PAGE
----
Taliban cut off fingers of 2 Afghan voters

Taliban militants cut off the ink-stained fingers of two Afghan voters in the militant south during the presidential election, the country’s top election monitoring group said Saturday.

Two voters who had dipped their index fingers in purple ink — a fraud prevention measure — were attacked in Kandahar province shortly after voting Thursday, said Nader Nadery, the head of the Free and Fair Election Foundation of Afghanistan. Kandahar is the spiritual birthplace of the Taliban.

Rumors that militants would cut off voters’ ink-stained fingers spread before the vote. A Taliban spokesman had said militants would not carry out such attacks, but the Taliban is a loose organization of individual commanders who could carry out the threat on their own.

Millions of Afghans voted in the country’s second-ever direct presidential election, although Taliban threats and attacks appeared to hold down the turnout, especially in the south where President Hamid Karzai was expected to run strongly among his fellow Pashtuns. At least 26 Afghan civilians and security forces died in dozens of militant attacks.

If results show that vastly more people voted in the north than the south, “then we will have an issue,” Nadery said.

Fewer votes in the south would harm the chances of Karzai to win a second five-year term, and increase the chances that his top challenger, former Foreign Minster Abdullah Abdullah, could pull off an upset.

If neither candidate gets 50 percent in the first round, they will go to a second round runoff. Initial preliminary results won’t be announced until Tuesday, and final results won’t be certified until mid-September.

Nadery said his group saw widespread problems of election officials who were not impartial and were pressuring people to vote for certain candidates.

Election monitors also saw voters carrying boxes of voter cards — so many votes could be cast — to polling sites and saw many underage voters, he said.

Both Karzai and Abdullah claimed to be ahead in early vote counting. Karzai’s campaign insisted Friday he would have enough votes to avoid a runoff. Abdullah countered that he was leading but suspected there would be a runoff.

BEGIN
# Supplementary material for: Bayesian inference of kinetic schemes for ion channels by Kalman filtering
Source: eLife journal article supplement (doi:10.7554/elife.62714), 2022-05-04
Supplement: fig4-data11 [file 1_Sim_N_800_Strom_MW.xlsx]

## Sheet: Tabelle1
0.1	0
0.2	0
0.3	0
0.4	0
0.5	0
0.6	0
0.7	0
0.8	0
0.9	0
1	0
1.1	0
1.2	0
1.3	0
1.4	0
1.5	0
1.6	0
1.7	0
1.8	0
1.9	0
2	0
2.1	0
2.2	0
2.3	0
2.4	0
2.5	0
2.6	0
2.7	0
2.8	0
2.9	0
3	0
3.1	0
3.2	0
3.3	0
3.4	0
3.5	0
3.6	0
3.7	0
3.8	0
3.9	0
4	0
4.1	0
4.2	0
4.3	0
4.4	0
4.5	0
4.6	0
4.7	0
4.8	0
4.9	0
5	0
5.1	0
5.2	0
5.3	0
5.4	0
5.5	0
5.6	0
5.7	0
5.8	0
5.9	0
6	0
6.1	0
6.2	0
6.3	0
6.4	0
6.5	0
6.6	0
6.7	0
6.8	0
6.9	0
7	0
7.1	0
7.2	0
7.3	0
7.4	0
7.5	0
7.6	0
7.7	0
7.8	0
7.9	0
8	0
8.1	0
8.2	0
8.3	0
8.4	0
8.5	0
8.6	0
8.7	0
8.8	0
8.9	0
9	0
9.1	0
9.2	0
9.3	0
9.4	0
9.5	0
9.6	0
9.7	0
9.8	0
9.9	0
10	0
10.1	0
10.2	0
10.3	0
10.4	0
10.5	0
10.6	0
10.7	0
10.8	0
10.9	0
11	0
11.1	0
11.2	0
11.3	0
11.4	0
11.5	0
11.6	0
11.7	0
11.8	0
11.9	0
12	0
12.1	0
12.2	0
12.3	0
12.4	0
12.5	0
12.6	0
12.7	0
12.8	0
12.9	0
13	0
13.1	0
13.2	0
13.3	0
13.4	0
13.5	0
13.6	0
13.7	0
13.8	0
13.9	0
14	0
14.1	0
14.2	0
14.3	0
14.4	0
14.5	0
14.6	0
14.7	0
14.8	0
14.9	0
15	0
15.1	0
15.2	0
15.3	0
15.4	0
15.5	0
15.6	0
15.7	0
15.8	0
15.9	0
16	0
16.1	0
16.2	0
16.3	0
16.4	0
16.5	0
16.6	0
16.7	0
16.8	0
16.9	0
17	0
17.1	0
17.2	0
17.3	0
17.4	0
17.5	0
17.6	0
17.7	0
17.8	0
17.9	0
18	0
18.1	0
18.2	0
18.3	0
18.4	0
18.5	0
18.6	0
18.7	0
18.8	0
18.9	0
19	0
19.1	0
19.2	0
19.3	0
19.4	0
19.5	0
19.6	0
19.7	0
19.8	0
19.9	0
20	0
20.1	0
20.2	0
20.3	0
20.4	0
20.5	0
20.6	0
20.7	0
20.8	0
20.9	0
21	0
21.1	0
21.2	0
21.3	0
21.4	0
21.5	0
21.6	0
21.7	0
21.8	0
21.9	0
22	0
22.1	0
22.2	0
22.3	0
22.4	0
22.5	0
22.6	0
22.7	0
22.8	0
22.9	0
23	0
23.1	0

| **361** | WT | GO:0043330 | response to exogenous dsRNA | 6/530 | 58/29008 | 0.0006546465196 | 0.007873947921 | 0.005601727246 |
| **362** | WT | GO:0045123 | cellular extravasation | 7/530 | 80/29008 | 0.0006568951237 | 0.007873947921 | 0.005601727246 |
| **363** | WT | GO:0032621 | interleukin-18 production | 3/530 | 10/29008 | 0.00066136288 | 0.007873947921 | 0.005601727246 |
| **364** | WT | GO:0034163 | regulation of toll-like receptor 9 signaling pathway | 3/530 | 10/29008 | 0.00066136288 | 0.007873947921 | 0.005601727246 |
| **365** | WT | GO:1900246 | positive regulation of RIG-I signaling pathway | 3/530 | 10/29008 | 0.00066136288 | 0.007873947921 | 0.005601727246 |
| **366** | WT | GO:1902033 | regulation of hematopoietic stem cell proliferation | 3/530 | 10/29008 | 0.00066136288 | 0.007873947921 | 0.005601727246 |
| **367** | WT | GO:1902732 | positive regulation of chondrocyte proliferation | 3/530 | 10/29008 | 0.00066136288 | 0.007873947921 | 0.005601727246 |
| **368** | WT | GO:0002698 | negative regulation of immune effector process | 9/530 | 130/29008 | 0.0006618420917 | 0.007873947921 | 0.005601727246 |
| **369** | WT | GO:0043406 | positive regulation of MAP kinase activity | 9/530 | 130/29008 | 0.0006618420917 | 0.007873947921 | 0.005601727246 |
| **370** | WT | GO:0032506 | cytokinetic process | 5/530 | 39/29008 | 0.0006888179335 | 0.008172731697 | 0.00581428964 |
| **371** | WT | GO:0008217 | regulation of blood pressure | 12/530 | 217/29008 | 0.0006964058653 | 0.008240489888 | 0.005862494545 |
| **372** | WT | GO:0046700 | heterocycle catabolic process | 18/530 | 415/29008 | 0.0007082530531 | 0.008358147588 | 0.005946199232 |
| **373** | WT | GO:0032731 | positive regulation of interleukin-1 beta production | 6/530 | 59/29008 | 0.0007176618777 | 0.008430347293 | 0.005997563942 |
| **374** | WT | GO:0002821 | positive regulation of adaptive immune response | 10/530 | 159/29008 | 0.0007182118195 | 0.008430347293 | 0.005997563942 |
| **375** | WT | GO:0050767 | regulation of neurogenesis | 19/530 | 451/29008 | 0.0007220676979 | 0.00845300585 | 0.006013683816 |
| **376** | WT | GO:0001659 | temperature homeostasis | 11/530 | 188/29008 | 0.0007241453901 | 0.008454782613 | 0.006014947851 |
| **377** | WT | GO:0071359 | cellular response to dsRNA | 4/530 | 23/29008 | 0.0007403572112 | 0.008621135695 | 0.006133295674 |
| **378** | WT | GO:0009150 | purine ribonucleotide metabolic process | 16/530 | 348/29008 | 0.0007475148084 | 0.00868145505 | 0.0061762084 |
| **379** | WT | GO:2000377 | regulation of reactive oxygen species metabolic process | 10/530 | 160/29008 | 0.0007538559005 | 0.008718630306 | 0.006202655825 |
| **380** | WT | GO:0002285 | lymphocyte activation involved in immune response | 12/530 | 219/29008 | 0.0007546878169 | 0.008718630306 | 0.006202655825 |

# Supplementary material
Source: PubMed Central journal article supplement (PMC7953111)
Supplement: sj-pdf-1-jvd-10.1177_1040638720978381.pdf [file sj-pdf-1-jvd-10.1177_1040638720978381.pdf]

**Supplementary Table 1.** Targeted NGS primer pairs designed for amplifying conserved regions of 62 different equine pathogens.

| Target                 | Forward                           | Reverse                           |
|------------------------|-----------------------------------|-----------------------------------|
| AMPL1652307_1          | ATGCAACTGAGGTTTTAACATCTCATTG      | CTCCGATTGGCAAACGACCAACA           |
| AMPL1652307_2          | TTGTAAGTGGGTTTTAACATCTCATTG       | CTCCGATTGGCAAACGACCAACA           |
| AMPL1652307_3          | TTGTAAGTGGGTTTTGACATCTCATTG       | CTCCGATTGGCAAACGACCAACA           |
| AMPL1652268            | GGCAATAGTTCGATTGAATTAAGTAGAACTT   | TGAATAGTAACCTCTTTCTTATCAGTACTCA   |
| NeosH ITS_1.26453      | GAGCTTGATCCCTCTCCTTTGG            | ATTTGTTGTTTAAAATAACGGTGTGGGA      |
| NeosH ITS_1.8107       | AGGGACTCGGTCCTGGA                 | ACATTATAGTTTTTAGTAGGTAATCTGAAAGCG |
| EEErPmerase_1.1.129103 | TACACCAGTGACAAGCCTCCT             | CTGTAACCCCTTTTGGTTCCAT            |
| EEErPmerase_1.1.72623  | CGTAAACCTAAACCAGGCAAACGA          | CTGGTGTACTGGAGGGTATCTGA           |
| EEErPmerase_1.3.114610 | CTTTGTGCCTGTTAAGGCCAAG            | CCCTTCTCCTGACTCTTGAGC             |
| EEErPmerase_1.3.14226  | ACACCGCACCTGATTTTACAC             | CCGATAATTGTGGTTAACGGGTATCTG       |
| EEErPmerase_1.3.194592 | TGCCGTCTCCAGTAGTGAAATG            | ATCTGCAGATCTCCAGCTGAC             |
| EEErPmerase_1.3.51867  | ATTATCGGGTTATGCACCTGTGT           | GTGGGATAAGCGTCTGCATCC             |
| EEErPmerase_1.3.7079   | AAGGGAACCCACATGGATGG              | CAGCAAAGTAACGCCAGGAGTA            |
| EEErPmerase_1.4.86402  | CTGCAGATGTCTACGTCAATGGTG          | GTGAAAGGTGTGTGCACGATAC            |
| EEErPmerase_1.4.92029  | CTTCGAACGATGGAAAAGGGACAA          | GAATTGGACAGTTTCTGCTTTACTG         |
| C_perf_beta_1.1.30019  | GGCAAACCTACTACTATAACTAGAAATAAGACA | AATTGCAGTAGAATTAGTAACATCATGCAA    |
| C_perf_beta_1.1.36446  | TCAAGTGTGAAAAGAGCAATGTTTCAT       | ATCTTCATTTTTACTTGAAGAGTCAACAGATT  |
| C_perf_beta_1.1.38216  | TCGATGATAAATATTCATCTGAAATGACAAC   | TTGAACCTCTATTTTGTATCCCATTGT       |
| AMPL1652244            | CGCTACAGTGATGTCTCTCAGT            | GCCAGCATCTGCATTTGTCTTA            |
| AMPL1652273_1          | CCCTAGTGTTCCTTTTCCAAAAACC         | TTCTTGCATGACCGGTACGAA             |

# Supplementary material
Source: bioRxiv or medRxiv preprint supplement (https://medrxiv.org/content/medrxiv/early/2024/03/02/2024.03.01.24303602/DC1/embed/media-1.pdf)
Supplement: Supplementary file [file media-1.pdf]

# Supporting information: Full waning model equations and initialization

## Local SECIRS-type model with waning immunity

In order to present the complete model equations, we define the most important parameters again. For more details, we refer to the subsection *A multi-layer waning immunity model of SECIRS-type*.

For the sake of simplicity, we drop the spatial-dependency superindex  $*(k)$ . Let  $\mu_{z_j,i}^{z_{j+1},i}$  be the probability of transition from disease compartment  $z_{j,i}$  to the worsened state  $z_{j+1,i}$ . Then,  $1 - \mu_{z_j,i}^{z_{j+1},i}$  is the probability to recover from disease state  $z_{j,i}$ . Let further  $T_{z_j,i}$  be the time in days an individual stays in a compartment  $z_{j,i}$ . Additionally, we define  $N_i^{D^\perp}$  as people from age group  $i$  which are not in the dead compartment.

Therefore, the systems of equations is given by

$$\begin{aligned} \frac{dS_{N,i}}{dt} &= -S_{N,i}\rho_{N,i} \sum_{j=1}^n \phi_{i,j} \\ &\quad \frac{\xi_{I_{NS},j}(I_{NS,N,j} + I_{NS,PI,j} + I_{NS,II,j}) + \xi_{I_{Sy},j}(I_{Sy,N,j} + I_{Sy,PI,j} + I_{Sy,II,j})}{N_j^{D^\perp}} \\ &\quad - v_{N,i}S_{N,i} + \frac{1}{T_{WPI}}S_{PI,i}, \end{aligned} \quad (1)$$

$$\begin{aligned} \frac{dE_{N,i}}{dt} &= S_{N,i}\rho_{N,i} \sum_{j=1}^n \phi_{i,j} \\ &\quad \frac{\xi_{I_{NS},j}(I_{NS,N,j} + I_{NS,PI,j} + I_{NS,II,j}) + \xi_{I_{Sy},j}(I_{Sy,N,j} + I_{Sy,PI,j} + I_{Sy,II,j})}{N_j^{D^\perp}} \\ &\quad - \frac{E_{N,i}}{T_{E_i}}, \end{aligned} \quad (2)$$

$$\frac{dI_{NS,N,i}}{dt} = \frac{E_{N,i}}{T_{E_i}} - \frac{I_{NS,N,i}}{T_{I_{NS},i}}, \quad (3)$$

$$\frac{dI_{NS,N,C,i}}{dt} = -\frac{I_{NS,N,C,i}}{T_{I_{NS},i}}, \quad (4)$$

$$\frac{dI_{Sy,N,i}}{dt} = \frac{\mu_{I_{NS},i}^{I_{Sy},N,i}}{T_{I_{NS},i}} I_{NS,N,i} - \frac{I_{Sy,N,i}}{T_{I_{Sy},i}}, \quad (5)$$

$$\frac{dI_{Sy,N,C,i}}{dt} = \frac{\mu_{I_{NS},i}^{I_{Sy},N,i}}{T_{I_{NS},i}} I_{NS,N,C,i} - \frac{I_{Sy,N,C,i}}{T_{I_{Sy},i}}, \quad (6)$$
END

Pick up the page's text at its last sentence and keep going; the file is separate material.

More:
Election officials called on the candidates to refrain from such claims, which could delay the formation of a new government.

Officials of Afghan and international monitoring teams agreed it was too early to say who won or to know whether fraud was extensive enough to affect the outcome. Fraud complaints are being filed with a commission that will rule on all allegations.

Though monitors with the Free and Fair Election Foundation of Afghanistan were present in all 34 provinces, international monitoring groups were restricted by security concerns. The Washington, D.C.-based National Democratic Institute only had observers in 19 provinces, passing over many violent areas of the south and east.

European Union observers had difficulty getting to polling stations in southern Kandahar province because of rocket attacks, said Sandra Khadhouri, a spokeswoman for the delegation. The EU had observers in 17 provinces.

“That elections took place at all is a notable achievement,” the EU said in a statement. The delegation said threats and violence meant that voting could not be considered free “in some parts of the territory” but that the process so far appeared “good and fair.”

The National Democratic Institute also said it saw orderly voting, but refrained from issuing a judgment on the election until after counting is completed.
http://www.google.com/hostednews/ap/article/ALeqM5hvWEqwq3CrRvaQCmt21MfoYhjZJQD9A7SH6G0

Comment – August 22, 2009


Interesting contrast here: note the distinct difference between the Western media feeding frenzy over alleged vote rigging in Iran’s recent elections with the above report. There have indeed been accusations of voting irregularities in the elections in Afghanistan but that’s not the issue in this report.

Instead it concentrates on how the Taliban have been intimidating voters and makes only passing reference to vote fraud.

This is propaganda in its most modern and to date most convincing form where apparently objective reporting is anything but.

The key to modern propaganda is not necessarily in outright lies, which are all too obvious, but in subtle insinuation: the amount of print space, airtime or emphasis given to a particular point rather than blatant untruths.

Thus the above report concentrates on how the Taliban are intimidating voters. It’s not an outright lie but it avoids giving too much emphasis to allegations of vote rigging and helps explain the low voter turnout.

Once upon a time there was a name for this. Not propaganda as such or even lying, but brainwashing.